Clinicians using the Novel Coronavirus screening test can not only diagnose COVID-19 in minutes with a portable device, but also simultaneously test for other viruses, such as influenza — which could be mistaken for the Novel Coronavirus, according to the report. At the same time, they can sequence the virus, providing valuable information on COVID-19 mutations and the spread of mutations. The new test, called NIRVANA, was described online March 31, 2021, in the Journal Medicine by a team of scientists from multiple institutions.
“This is an approach to virus detection and surveillance that does not require the use of expensive infrastructure as other methods,” said Juan Carlos Izpisua Belmonte, study co-corresponding author and professor in Salk’s Gene Expression Laboratory. “We can use one portable test to do the same thing that people do with two or three different tests with different machines.”
Around the world, more than 100 million people have been infected with SARS-CoV-2, the virus that causes COVID-19. To date, more than half a million Americans have died from COVID-19 — a staggering number. Testing people is key to stopping the spread of the virus. In addition, it is crucial to track the spread of new SARS-CoV-2 variants — some of which may respond differently to treatment or vaccines.
The current standard method for determining whether a nasal swab is positive for COVID-19 is a polymerase chain reaction (PCR) test to detect the genetic material of the SARS-CoV-2 virus. However, if the sample is negative, the patient and clinician don’t get any information that could lead to the Novel Coronavirus-like symptoms — unless they use separate PCR tests for other viruses using a different swab sample. And if the sample is positive for SARS-CoV-2, they won’t know which variant of COVID-19 the patient has unless they run another set of tests; The tests require a large and expensive next-generation gene-sequencing machine.
Last summer, Li Mo, an associate professor of biological sciences at King Abdullah University of Science and Technology in Saudi Arabia, was thinking about how his expertise in genetic engineering and nanopore sequencing could be used to fight the COVID-19 pandemic. Lemer, who previously spent six years as a Salk Postdoctoral fellow in Izpisua Belmonte’s lab, wondered whether a genetic test called isothermal recombinase polymerase amplification (RPA), combined with real-time nanopore sequencing, would be more useful than current COVID-19 tests, as well as being faster, cheaper and more portable. He teamed up with Izpisua Belmonte to find out.
Unlike PCR, which uses lower and higher temperature cycles to separate DNA strands and replicate them, RPA uses proteins to do the same thing in as little as 20 minutes, rather than temperature changes. The technique allows researchers to copy longer segments of DNA and detect multiple genes simultaneously.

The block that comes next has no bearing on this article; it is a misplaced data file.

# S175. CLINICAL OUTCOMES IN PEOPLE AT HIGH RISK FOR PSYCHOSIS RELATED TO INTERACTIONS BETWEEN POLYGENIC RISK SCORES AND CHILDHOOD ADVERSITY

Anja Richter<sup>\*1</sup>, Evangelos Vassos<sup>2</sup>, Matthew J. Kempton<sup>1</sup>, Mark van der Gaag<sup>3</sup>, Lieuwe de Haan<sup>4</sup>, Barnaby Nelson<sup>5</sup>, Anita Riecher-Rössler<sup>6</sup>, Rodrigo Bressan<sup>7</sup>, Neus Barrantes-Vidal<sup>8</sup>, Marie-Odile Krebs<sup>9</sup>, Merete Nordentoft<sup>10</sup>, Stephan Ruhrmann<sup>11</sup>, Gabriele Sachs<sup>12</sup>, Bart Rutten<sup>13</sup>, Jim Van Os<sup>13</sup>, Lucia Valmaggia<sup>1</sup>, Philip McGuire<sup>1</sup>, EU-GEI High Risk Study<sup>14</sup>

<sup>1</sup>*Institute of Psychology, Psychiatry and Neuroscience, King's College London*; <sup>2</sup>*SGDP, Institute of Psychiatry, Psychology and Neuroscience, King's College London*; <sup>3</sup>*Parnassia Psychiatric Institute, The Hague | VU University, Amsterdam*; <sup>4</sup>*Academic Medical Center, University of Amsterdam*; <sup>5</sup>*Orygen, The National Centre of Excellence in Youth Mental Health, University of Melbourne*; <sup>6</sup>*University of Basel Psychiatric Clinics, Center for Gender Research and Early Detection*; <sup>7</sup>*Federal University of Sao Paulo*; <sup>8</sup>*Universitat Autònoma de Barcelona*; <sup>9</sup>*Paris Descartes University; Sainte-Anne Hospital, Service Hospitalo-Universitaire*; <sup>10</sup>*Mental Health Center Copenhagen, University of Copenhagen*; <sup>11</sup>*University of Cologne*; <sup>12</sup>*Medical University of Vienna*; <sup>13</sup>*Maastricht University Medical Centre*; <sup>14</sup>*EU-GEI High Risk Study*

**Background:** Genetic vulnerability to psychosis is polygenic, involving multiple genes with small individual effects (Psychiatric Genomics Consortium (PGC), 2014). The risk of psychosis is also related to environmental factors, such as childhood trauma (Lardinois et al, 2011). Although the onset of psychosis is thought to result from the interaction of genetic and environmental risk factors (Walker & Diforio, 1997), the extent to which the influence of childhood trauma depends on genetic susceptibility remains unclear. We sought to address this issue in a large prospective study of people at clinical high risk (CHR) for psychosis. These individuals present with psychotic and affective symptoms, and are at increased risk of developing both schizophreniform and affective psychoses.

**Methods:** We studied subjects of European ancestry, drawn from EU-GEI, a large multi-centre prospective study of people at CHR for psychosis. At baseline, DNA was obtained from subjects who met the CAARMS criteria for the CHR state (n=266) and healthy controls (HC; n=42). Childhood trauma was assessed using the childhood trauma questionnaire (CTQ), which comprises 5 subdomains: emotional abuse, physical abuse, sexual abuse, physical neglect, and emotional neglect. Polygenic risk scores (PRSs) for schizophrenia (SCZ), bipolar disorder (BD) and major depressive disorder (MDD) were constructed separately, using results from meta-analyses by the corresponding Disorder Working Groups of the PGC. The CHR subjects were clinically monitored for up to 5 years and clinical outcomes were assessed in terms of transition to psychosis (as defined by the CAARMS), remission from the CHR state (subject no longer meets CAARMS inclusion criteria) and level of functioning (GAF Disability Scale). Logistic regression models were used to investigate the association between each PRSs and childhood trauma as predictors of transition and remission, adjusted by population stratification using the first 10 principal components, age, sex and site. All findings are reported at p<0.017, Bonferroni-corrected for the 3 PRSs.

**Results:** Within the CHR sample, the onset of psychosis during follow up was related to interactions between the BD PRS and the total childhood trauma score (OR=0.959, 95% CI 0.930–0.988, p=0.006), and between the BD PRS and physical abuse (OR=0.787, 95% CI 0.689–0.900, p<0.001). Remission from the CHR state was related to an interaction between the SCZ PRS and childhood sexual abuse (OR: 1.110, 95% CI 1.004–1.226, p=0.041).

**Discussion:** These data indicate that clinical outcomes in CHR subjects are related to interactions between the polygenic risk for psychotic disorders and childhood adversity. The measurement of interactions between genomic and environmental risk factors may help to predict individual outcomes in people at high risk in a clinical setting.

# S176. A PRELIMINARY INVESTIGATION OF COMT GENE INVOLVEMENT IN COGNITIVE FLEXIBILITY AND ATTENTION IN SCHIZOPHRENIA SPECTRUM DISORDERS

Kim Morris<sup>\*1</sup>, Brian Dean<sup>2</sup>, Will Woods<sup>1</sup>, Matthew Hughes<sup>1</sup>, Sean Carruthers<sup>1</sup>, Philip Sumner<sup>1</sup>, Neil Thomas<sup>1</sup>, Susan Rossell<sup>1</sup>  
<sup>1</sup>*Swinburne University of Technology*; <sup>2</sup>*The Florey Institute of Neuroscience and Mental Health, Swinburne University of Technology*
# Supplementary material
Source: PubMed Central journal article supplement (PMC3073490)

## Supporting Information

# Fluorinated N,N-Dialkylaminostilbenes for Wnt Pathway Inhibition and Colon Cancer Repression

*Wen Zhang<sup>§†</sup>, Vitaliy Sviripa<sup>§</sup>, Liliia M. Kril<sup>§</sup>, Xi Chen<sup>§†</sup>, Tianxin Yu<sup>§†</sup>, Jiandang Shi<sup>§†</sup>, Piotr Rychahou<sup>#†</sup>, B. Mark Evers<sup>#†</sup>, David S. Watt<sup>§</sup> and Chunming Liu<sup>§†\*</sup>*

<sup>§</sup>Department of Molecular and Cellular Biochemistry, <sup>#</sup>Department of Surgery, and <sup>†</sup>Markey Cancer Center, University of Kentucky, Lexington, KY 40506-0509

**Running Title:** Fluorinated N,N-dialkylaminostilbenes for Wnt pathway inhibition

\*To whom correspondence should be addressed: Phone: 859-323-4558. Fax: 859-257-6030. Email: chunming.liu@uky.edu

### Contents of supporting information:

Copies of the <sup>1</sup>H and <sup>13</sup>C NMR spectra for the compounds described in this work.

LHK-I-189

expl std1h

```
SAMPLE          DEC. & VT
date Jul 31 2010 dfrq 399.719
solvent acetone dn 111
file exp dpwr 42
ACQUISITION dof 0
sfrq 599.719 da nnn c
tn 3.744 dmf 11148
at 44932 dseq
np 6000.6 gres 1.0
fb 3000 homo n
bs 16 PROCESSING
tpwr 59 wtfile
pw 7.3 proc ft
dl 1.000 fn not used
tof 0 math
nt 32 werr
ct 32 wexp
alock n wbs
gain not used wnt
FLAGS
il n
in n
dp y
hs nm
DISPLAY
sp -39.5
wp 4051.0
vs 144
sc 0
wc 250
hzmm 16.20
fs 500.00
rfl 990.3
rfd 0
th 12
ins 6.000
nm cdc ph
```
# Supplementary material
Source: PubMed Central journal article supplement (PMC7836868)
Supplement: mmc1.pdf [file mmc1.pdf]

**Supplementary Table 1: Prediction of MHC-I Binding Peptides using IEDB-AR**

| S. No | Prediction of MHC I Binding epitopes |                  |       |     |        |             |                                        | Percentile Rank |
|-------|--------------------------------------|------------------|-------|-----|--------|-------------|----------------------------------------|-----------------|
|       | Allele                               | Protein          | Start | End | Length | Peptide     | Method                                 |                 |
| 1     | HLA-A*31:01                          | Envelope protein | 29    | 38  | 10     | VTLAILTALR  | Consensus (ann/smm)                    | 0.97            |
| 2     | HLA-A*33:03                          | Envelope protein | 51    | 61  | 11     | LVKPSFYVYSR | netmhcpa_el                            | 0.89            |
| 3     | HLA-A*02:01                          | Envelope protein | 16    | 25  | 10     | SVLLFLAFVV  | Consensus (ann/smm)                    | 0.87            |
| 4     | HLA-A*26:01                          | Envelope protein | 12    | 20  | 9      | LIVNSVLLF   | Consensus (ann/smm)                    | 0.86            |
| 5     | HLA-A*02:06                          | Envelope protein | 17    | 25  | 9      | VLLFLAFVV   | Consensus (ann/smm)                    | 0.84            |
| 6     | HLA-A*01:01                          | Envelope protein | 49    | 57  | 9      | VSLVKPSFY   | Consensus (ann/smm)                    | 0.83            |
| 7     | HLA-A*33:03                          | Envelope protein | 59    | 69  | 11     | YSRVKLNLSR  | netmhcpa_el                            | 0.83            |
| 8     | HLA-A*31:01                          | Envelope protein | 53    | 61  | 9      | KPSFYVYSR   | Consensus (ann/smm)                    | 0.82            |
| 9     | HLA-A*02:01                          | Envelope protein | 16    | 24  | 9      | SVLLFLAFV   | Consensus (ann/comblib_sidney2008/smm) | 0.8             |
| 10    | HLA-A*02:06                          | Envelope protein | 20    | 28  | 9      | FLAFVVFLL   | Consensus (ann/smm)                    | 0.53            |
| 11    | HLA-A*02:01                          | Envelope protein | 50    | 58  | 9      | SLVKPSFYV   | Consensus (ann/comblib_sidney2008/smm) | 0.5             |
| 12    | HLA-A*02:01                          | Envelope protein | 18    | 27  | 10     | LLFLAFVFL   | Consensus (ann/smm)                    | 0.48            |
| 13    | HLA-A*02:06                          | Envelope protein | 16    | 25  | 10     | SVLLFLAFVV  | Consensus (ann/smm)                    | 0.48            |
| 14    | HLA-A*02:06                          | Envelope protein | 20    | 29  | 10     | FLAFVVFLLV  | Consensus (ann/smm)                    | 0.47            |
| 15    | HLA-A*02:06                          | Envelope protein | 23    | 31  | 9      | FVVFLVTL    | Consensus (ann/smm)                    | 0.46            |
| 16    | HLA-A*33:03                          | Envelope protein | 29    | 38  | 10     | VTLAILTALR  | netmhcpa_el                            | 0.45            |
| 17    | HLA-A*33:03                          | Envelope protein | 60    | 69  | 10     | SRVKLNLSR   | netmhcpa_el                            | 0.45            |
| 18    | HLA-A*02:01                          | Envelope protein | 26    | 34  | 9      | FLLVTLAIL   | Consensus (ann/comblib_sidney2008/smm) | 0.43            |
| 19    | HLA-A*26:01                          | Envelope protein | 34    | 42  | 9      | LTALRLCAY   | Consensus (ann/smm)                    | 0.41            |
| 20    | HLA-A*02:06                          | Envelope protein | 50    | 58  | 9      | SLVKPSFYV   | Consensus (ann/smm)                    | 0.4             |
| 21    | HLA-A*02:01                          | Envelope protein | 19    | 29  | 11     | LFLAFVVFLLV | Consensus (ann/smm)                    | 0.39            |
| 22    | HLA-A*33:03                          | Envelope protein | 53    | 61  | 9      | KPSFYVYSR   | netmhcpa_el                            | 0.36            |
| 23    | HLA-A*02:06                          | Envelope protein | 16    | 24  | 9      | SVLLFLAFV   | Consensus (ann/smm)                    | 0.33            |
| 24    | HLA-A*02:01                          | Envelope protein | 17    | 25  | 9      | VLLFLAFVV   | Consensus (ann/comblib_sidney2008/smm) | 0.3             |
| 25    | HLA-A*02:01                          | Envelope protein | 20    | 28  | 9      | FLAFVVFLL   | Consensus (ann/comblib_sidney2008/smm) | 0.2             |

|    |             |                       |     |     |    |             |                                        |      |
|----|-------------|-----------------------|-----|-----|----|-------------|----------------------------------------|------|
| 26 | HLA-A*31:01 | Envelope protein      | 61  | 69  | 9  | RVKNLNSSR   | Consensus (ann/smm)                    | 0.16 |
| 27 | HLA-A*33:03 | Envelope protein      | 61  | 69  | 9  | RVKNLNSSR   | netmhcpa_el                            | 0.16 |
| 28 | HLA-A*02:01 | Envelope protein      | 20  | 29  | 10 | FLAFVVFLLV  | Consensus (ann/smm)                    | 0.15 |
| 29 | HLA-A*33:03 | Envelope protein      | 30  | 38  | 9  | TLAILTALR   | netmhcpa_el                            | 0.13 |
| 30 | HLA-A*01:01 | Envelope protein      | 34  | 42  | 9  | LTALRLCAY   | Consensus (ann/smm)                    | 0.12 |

“We quickly realized that we could use this technique not only to detect SARS-CoV-2, but also to detect other viruses,” Lemer said.
In the new paper, Lemer and Izpisua Belmonte describe a small, portable device that can simultaneously screen 96 samples using the RPA assay. They call the method NIRVANA for “Nanopore sequencing for isothermal rapid viral amplification for near real-time analysis.”
The scientists designed NIRVANA to simultaneously test samples for COVID-19, influenza A, human adenovirus and non-SARS-CoV-2 coronavirus. Within as little as 15 minutes, the device began reporting positive and negative results, the researchers reported. Within three hours, the device would finally determine the results for all 96 samples — including the sequence of five regions of SARS-CoV-2 that are particularly prone to accumulating mutations that lead to new ones, such as the B.1.1.7 mutation found in Britain.
Li Mo and Izpisua Belmonte tested NIRVANA on 10 samples known to be SARS-CoV-2 positive, 60 samples with unknown SARS-CoV-2 status, and samples of municipal wastewater that harbors SARS-CoV-2 virus. In all cases, the test correctly identified which viruses were present. The sequencing data also allowed them to narrow down the source of SARS-CoV-2 in positive samples; For example, distinguish between strains from China and Europe.
“The design of this test is really flexible, so it’s not limited to the example we showed,” Lemer said. “We can easily tweak it to deal with another pathogen, or even something that’s new.”